And so it went, running and walking from aid tent to aid tent where I would replace the now thawed icepack. By mile ten, my ankle is feeling better but now I’m starting to be affected by the heat, feeling nauseous if I ran too long, classic signs of heat stress.
When I reach the big first aid tent at thirteen miles, I’m in a sorry state. I look at my watch and it reads 2:11 elapsed race time. I’m almost a half hour slower than where I should be and I knew if I keep going, I’m only going to get slower. I knew if I continue, I might blow the opportunity to run the first marathon with Amanda in about a month. I knew all these things and I was seriously considered dropping out of my first race ever. With all of this, who would blame me if I just called it a day?
It’s at this moment that I look at the four elite class runners laying on cots in the tent, under blankets, two of them with their eyes rolled back in their heads, obviously, in serious condition.
“Oh boy, I’m glad I’m not that bad,” I say to myself.
I check my watch again, 2:12. “I bet I can walk to the finish from here in under five hours,” I muttered.
To paraphrase John Stephen Akhwari, Olympic marathoner from Tanzania, I didn’t come to Boston to start a race, I came here to finish one. “You have to set a personal worst some place, right? So, why not here?” I say to the medic waiting for me to make my decision.
It’s at this moment that my race changes from a death march down the road to personal defeat into an occasion for fun and celebration.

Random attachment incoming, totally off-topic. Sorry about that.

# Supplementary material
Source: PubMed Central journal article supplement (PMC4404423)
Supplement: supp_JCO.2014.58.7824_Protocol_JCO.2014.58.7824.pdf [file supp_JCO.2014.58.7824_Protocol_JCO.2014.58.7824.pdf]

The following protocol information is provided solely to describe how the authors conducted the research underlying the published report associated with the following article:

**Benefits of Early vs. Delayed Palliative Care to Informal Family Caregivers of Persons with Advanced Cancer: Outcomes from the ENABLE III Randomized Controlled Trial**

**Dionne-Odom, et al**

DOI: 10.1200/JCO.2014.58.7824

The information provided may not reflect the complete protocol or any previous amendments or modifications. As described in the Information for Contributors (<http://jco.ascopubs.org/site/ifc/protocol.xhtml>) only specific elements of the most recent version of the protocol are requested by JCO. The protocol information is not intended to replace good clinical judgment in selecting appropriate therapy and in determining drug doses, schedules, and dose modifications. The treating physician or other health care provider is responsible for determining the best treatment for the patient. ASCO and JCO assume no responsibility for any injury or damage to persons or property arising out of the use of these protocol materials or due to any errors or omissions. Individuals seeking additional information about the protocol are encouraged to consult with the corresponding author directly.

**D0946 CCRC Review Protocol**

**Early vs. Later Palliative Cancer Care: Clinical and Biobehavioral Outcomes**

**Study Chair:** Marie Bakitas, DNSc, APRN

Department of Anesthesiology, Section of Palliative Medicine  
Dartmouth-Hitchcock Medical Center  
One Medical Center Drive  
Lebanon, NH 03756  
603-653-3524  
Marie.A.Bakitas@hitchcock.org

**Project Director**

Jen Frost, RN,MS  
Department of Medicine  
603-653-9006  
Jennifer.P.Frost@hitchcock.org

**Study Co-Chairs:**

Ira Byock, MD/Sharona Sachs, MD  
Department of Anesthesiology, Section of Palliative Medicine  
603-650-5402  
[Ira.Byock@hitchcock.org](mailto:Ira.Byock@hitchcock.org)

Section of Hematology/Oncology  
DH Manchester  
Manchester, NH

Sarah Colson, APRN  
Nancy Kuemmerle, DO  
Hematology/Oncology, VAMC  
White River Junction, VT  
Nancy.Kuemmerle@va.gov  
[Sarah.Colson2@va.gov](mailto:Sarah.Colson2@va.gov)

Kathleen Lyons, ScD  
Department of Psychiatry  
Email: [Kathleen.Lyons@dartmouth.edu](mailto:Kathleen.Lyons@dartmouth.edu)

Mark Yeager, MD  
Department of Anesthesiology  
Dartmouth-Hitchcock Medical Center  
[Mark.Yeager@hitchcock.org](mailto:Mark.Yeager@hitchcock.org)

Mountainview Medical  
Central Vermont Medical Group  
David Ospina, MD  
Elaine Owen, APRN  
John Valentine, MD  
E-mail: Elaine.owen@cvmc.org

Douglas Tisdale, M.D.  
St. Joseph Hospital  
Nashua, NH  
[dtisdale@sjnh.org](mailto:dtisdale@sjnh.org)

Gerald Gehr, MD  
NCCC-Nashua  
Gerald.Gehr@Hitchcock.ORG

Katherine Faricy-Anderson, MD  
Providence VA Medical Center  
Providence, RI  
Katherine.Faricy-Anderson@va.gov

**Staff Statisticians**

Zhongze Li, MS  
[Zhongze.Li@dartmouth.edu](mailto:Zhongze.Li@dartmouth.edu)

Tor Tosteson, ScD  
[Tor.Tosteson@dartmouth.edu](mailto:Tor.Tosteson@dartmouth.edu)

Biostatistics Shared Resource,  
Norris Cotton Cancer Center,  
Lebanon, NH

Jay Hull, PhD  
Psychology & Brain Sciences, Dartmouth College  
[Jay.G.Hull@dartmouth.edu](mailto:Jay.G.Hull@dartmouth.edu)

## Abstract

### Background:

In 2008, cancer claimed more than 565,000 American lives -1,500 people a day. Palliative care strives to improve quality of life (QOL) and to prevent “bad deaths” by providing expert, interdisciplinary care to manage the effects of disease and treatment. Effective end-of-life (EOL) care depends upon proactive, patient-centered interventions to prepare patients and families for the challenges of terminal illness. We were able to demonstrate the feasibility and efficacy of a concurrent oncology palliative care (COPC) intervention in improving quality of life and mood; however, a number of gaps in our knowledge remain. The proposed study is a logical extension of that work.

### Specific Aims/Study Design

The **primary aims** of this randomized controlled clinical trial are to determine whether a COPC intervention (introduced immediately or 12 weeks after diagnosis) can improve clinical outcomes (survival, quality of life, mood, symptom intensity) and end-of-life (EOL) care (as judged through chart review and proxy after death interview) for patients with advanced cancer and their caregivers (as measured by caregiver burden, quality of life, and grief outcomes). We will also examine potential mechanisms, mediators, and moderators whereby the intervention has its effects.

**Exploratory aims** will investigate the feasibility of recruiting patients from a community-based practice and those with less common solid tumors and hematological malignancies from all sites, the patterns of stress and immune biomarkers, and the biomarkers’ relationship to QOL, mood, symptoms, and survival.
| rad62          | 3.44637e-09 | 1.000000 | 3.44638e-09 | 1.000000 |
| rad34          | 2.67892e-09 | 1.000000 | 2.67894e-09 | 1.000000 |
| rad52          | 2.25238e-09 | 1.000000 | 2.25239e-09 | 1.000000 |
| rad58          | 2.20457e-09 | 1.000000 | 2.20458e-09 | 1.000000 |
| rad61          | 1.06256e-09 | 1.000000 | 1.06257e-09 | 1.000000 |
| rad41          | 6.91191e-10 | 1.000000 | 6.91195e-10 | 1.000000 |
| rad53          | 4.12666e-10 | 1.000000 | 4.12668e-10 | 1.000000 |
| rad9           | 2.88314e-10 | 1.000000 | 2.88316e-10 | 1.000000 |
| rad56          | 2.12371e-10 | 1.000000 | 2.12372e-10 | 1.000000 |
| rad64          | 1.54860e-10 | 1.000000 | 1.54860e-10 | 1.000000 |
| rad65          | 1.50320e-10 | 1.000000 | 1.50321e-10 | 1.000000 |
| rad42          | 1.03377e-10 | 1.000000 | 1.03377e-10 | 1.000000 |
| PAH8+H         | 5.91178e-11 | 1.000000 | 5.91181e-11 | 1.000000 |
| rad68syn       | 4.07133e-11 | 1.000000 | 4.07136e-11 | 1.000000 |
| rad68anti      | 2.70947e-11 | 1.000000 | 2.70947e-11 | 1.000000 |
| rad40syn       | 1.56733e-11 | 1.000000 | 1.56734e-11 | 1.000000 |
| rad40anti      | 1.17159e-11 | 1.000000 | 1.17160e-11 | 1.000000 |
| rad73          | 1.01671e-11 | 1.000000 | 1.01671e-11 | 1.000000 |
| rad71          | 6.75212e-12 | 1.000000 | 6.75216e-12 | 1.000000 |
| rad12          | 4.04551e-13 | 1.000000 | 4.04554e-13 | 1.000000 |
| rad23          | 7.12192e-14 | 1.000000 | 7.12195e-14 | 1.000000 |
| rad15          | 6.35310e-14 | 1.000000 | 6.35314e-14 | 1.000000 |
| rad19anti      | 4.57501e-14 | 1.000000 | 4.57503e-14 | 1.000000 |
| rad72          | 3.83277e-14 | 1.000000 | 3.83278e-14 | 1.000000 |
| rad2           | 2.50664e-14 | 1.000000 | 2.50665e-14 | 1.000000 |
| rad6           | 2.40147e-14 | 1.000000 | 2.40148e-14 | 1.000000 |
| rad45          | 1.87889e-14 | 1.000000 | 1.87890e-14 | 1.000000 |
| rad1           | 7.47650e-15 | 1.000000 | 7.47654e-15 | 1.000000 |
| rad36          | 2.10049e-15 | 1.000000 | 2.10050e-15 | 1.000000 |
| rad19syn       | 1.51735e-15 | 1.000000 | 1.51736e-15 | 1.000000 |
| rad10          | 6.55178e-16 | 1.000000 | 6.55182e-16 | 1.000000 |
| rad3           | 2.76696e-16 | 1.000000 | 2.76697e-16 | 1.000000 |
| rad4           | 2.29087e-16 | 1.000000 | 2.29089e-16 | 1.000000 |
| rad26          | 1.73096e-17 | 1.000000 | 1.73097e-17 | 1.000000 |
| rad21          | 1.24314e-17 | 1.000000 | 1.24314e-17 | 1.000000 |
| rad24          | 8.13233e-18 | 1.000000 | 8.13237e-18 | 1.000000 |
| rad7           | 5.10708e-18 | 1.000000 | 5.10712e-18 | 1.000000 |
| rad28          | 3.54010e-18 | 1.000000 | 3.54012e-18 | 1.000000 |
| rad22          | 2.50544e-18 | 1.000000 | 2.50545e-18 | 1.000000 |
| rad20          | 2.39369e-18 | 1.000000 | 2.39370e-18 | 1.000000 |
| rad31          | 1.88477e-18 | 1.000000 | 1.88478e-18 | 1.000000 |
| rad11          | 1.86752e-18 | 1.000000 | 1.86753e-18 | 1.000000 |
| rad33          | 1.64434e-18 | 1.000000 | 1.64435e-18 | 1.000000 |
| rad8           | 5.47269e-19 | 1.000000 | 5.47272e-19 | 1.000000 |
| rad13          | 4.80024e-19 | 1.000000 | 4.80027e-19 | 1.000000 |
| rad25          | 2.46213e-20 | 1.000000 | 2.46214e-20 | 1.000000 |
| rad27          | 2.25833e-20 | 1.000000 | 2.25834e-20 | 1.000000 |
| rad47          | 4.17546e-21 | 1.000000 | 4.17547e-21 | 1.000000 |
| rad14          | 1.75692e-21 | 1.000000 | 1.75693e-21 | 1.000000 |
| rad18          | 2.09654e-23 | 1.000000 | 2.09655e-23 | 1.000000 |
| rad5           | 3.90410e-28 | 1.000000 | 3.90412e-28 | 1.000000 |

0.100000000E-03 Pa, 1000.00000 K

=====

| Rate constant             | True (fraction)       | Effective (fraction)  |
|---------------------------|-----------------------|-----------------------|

I change my ice pack one more time and head off into the stream of runners heading toward downtown Boston. The med tent guy has one final word for me as I leave, “Runners!”
Now that I’ve decided that I’m going to set a marathon PW, all the pressure is off, and I’m going to have fun. I stop worrying about my performance and look for all the runners I know who started in corrals behind me. I want to make sure that they are going to make it. When the last running club member passes me near the firehouse at the bottom of the Newton hills and I breathe a sigh of relief. Now I can relax and just enjoy the event.
So, the rest of the race I run when I can and walk when I can’t. I slap the hand of every kid along the route, I thank all the volunteers, I chat with all the Canadians I see, and even help a couple of runners doing the bob and weave to the side of the road when it looks like they are going to fall.
However, the highlight of this race is a magic moment near mile seventeen.
While walking up Heart Break Hill in Hoppington, I spot a group people partying like there’s no tomorrow. They turn out to be a local chapter of the Hash House Harriers, an international running club, who’s motto is “A drinking club with a running problem.” Fortunately for me, I know the password. I hold up my fist like I’m hoisting a beer stein and I yell “ON-ON” and wave in their direction. One guy the size of a football player, jumps to attention, scrambles around, runs out on the course and hands me a big waxed paper cup full of beer. I’m completely surprised but, I thank him and think to myself, “Does it get any better than this?”
It was the worst of times (4:52:23), but it also was the best of times. To the end of my running career I will be able to retell the story of the day that I enjoyed an ice cold beer walking up Heart Break Hill, while setting a PW at one of the world’s most prestigious marathons.
By Mark G. Collis
March 12, 2007